Jamie: What are the best things about working in sophisticated financial sales?
Owen: I am a little bit of an economics nerd, and like financial markets; I picked that up in college, and I really do enjoy that aspect of it, so I think that helps. Because I am pretty passionate about the things that I am talking about, people are like, “How the hell did you like to speak so adamantly and passionately about short-term corporate bonds?”
Then I like the competitive nature of it. I enjoyed up like sports growing upright, and that is your classic salesperson thing anyway, right, those who played sports and have a competitive as the urge to work as a team. I like being competitive and trying to win, not only against colleagues but also competitors, and I also do like I can have conversations with friends and loved ones about what to do with their money on the side. I like they come to me for that, and I can give them really sound advice.
Perhaps down the line, I will do that for a living on my own, and not have to work for “the man,” but that is also very fulfilling, and I have enjoyed it because I have such a good understanding of the industry and how it all works now that I can help people like that. We are helping people reach their financial goals and retire and live well. If you believe in the products that you are selling and they accomplish those things, that is pretty cool.
Jamie: What is the worst thing about being in this particular industry for sales?
Owen: I would say it is even though it is getting much better and I even though I work for one of the most old-school firms, it is somewhat antiquated and stuffy and patriarchal and bureaucratic and political within firms. I know every company has those aspects, especially with any big corporation, but you have to put the dark suit, white shirt, striped tie -we are selling mutual funds, on top of it all – it does get a little nauseating, and but that is changing rapidly.
I do feel like there are some fat cats at the top of some of the firms in the industry – not all the firms are private but then like if you have been in the industry for 25, 30 years you are getting ready to retire, and you have done well, you do not really have a reason to give a shit about anything anymore. I think there is still a little bit of that. It is funny that a lot of stereotypes are true. I am definitely not blue-blooded, white shoe kind of guy. I can play the part when I need to but not something that I love. I mean it is really hard selling to some of these people that are not salespeople in the industry because some of our reps sell to financial advisors. Financial advisors at their core are salespeople, here in the States.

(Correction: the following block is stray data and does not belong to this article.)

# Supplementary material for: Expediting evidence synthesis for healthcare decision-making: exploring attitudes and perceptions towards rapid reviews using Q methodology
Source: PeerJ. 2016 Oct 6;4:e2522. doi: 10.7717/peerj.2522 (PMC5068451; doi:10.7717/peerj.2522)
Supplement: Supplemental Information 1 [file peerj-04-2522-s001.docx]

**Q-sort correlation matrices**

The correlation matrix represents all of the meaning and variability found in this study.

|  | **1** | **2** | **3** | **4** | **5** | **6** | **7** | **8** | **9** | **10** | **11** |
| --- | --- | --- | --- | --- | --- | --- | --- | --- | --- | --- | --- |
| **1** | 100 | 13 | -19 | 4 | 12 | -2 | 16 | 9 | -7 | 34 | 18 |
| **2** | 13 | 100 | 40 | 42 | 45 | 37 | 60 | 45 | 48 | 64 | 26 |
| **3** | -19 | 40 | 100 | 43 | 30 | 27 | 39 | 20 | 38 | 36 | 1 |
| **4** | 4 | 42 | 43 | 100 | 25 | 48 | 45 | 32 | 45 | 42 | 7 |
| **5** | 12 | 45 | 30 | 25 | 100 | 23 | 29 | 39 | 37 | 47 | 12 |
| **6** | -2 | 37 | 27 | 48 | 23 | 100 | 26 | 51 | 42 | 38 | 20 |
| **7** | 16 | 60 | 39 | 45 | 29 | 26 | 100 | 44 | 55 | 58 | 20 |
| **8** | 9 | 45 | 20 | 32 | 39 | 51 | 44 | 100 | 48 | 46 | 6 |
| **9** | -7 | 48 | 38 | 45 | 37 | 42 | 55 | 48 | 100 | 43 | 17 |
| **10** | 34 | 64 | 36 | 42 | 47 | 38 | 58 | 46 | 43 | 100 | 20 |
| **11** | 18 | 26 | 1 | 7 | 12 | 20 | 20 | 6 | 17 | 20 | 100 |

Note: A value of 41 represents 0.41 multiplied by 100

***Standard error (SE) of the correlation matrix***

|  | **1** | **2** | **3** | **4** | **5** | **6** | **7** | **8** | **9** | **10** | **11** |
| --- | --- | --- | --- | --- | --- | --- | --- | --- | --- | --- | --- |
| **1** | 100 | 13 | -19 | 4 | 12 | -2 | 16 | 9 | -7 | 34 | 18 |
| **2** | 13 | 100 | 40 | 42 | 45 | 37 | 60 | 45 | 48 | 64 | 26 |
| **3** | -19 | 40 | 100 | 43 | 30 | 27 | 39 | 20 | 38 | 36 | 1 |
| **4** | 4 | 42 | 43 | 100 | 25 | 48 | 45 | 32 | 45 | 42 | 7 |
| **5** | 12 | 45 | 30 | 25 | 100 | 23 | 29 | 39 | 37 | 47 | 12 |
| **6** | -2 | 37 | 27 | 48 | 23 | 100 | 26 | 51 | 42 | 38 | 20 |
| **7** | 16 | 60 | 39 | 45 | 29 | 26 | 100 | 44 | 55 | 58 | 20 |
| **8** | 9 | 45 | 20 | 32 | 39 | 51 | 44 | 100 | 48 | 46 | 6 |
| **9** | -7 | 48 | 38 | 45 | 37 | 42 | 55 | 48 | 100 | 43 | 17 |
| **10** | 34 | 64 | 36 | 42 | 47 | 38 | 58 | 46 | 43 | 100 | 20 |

In general, I do not sell to salespeople, I sell mostly to analysts that are more analytical and in the weeds so to speak. It can be frustrating at times but at the same time when you do break through it is all the more rewarding. It is an extremely competitive industry and the competition is constantly vying for the attention of the people that I am.
Jamie: How do you adapt your sales style to sell to those more analytic people?
Owen: There are a couple of trains of thought like you have we have our truly investments focused people that are best for getting in the weeds on markets and strategies with analysts.
That being said, ultimately their primary focus is not sales and selling, you want them to talk to analysts like that, but and then there is one train of thought that as a salesperson you need to tee it up, you need close it out, you need to direct it, and you can’t just let that happen on its own. What is the proper prep everyone should be aligned, and how do you facilitate that? That is one train of thought, but the other train of thought is, what level can you get yourself to that you can intelligently participate in the conversation, in the discussion to get it to go where you wanted it to go? Which will be a better path and paint a better story, and have a better chance of generating the sale? I lie in that second category; I would rather know more and be able to participate more and prove that I know my stuff too because it builds credibility for you.